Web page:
Democratic presidential candidate Kamala Harris released 15 years of tax returns on Sunday, offering a glimpse into how the California public servant ascended the financial ranks to become a multimillionaire.
The documents span the entirety of Harris' career in elected office, from her $142,000 salary as San Francisco district attorney in 2004 to her current post as U.S. senator.
Harris and her husband, Los Angeles-based attorney Douglas Emhoff, jointly reported more than $2 million in income last year, for which they paid nearly $700,000 in taxes.
The tax returns, released before the April 15 tax deadline, mark the most sweeping look yet at a presidential contender's personal finances, edging out Sens. Elizabeth Warren, Amy Klobuchar and Kirsten Gillibrand, who each have released more than a decade's worth of tax documents.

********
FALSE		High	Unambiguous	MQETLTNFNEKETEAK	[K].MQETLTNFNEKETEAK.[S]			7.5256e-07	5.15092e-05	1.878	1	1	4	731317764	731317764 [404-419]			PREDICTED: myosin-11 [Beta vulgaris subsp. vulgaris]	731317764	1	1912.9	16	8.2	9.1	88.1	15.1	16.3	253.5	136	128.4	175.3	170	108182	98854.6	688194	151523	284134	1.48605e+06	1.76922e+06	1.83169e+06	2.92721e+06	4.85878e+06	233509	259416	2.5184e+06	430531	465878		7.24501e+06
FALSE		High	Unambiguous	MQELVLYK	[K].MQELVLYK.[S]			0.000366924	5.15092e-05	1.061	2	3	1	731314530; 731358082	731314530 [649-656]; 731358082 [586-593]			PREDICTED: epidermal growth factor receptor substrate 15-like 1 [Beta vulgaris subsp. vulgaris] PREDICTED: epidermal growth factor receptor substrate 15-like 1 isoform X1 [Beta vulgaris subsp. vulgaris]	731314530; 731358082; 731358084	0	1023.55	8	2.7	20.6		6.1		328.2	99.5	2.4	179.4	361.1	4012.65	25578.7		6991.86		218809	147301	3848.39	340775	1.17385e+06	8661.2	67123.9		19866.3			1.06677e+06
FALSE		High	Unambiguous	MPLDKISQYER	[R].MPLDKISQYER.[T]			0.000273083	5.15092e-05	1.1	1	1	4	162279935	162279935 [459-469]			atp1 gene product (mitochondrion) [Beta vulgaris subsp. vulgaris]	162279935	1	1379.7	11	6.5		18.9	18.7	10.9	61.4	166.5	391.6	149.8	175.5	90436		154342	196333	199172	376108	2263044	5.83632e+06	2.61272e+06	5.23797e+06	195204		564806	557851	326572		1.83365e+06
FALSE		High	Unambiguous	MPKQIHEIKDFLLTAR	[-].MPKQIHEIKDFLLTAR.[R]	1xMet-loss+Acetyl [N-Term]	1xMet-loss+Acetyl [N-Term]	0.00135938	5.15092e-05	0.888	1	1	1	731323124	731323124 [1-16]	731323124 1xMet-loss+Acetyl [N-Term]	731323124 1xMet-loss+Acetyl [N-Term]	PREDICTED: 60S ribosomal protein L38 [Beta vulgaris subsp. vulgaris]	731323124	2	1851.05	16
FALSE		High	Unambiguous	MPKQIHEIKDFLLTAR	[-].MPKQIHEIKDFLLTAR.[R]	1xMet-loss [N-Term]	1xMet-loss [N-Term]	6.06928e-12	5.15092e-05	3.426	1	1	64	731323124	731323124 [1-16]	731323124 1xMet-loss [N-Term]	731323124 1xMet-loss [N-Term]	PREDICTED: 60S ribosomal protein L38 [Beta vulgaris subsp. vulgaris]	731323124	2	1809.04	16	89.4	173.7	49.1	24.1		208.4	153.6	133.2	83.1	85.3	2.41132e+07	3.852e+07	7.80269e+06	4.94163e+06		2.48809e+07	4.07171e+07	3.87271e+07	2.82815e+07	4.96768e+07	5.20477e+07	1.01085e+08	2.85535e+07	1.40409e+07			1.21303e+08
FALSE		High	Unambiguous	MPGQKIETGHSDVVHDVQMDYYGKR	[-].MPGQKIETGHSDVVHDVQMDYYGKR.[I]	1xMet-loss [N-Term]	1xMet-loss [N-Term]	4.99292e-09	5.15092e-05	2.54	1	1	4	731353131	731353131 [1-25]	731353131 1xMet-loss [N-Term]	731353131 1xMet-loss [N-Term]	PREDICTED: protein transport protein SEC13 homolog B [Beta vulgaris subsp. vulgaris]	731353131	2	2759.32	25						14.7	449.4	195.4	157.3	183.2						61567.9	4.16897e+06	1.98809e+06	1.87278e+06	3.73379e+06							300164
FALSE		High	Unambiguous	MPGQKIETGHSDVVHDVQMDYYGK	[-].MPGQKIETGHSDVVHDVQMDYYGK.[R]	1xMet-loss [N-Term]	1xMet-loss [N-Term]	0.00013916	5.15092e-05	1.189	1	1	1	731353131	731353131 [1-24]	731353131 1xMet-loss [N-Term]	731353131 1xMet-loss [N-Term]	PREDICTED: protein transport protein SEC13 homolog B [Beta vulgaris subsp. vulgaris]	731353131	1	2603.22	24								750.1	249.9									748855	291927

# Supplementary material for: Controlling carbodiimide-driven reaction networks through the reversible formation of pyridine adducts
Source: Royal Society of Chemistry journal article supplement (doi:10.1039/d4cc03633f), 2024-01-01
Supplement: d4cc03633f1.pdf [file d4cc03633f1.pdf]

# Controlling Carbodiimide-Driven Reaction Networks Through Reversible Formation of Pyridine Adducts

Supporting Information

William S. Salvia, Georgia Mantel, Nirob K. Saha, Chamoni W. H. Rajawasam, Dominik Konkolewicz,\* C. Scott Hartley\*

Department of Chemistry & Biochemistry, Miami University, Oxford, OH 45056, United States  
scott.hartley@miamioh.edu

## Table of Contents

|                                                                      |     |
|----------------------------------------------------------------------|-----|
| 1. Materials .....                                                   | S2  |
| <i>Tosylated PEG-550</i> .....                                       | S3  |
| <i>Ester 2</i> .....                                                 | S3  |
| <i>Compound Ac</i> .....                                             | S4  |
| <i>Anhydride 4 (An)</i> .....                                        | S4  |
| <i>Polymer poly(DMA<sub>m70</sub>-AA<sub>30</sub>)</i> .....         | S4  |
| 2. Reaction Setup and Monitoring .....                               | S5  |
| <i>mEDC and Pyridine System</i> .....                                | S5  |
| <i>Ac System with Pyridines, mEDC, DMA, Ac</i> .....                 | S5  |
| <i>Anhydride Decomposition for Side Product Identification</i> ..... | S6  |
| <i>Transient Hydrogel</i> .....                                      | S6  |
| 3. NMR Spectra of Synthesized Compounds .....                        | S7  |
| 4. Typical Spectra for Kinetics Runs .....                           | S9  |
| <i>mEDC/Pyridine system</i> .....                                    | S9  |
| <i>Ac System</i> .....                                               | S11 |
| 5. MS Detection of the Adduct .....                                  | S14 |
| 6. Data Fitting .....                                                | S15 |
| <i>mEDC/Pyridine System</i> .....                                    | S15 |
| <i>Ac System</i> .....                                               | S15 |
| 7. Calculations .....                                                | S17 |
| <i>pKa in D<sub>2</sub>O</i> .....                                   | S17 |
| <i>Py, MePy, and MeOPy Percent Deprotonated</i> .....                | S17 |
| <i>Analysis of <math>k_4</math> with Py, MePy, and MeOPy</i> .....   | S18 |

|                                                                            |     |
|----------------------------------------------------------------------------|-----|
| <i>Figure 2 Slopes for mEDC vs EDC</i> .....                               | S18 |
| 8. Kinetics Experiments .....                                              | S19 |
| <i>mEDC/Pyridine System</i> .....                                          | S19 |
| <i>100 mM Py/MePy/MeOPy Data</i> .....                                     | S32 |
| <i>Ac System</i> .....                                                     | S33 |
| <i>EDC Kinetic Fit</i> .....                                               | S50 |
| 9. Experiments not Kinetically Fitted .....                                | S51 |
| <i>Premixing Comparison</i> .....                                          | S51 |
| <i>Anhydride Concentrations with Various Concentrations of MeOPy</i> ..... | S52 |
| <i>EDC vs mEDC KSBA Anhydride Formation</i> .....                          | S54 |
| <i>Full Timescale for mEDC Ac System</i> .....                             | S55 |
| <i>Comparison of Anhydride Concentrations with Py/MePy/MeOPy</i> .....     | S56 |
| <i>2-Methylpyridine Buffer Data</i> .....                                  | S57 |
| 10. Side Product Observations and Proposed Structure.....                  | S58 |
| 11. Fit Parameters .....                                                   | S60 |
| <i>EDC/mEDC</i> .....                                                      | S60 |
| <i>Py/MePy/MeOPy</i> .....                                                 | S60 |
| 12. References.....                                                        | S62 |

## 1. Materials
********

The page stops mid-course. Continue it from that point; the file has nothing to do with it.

Sen. Bernie Sanders, an early front-runner for the 2020 Democratic nomination, said he would release 10 years of returns by Monday.
Meanwhile, Democrats ratcheted up pressure on President Donald Trump to hand over copies of his tax returns. Trump famously bucked decades of tradition by declining to divulge his returns during his 2016 campaign or since he entered office.
On Saturday, Rep. Richard E. Neal, D-Mass., who chairs the House Ways and Means Committee, sent a letter to IRS Commissioner Charles Rettig demanding six years of the president's personal and business returns within 10 days.
"This request is about policy, not politics," Neal wrote in the two-page letter. He cited a 1924 law that says the Treasury Department, which includes the IRS, "shall furnish" tax returns to Congress when requested.
Acting White House Chief of Staff Mick Mulvaney said last weekend that lawmakers would "never" see Trump's returns.
Harris' full disclosure is a "stark contrast" to Trump, her campaign said. The California senator also supports a proposed federal law that would require a president's tax returns be made public.